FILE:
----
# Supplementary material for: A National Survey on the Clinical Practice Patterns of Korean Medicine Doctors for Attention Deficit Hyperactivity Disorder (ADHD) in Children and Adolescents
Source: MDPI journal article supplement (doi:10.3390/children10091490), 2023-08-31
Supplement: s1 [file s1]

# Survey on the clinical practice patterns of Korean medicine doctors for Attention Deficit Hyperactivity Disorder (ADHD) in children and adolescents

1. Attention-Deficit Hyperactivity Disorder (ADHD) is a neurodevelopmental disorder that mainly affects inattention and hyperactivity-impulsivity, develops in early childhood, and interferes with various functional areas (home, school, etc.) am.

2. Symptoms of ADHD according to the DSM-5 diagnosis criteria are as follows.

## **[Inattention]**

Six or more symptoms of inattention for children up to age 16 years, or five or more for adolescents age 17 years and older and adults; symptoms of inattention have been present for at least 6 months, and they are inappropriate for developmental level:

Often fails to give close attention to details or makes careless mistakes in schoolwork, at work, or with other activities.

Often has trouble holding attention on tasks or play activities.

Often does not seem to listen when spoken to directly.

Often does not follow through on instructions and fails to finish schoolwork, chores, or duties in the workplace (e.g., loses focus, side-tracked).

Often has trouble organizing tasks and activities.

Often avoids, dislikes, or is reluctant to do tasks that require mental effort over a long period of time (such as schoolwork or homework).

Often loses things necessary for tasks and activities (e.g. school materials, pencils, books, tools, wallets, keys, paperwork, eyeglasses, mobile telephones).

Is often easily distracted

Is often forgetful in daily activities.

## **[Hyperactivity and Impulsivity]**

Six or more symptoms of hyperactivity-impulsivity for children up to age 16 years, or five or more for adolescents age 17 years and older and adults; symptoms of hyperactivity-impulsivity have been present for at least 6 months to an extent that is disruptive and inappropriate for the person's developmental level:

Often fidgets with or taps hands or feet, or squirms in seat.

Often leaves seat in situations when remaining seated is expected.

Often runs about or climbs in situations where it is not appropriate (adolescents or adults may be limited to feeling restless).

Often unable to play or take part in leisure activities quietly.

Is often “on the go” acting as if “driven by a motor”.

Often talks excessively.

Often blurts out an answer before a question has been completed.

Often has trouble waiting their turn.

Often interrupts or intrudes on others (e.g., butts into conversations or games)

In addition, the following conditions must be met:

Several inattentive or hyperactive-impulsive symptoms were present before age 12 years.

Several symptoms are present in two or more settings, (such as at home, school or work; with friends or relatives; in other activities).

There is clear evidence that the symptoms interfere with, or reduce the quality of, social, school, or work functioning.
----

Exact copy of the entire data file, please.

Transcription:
# Supplementary material for: A National Survey on the Clinical Practice Patterns of Korean Medicine Doctors for Attention Deficit Hyperactivity Disorder (ADHD) in Children and Adolescents
Source: MDPI journal article supplement (doi:10.3390/children10091490), 2023-08-31
Supplement: s1 [file s1]

# Survey on the clinical practice patterns of Korean medicine doctors for Attention Deficit Hyperactivity Disorder (ADHD) in children and adolescents

1. Attention-Deficit Hyperactivity Disorder (ADHD) is a neurodevelopmental disorder that mainly affects inattention and hyperactivity-impulsivity, develops in early childhood, and interferes with various functional areas (home, school, etc.) am.

2. Symptoms of ADHD according to the DSM-5 diagnosis criteria are as follows.

## **[Inattention]**

Six or more symptoms of inattention for children up to age 16 years, or five or more for adolescents age 17 years and older and adults; symptoms of inattention have been present for at least 6 months, and they are inappropriate for developmental level:

Often fails to give close attention to details or makes careless mistakes in schoolwork, at work, or with other activities.

Often has trouble holding attention on tasks or play activities.

Often does not seem to listen when spoken to directly.

Often does not follow through on instructions and fails to finish schoolwork, chores, or duties in the workplace (e.g., loses focus, side-tracked).

Often has trouble organizing tasks and activities.

Often avoids, dislikes, or is reluctant to do tasks that require mental effort over a long period of time (such as schoolwork or homework).

Often loses things necessary for tasks and activities (e.g. school materials, pencils, books, tools, wallets, keys, paperwork, eyeglasses, mobile telephones).

Is often easily distracted

Is often forgetful in daily activities.

## **[Hyperactivity and Impulsivity]**

Six or more symptoms of hyperactivity-impulsivity for children up to age 16 years, or five or more for adolescents age 17 years and older and adults; symptoms of hyperactivity-impulsivity have been present for at least 6 months to an extent that is disruptive and inappropriate for the person's developmental level:

Often fidgets with or taps hands or feet, or squirms in seat.

Often leaves seat in situations when remaining seated is expected.

Often runs about or climbs in situations where it is not appropriate (adolescents or adults may be limited to feeling restless).

Often unable to play or take part in leisure activities quietly.

Is often “on the go” acting as if “driven by a motor”.

Often talks excessively.

Often blurts out an answer before a question has been completed.

Often has trouble waiting their turn.

Often interrupts or intrudes on others (e.g., butts into conversations or games)

In addition, the following conditions must be met:

Several inattentive or hyperactive-impulsive symptoms were present before age 12 years.

Several symptoms are present in two or more settings, (such as at home, school or work; with friends or relatives; in other activities).

There is clear evidence that the symptoms interfere with, or reduce the quality of, social, school, or work functioning.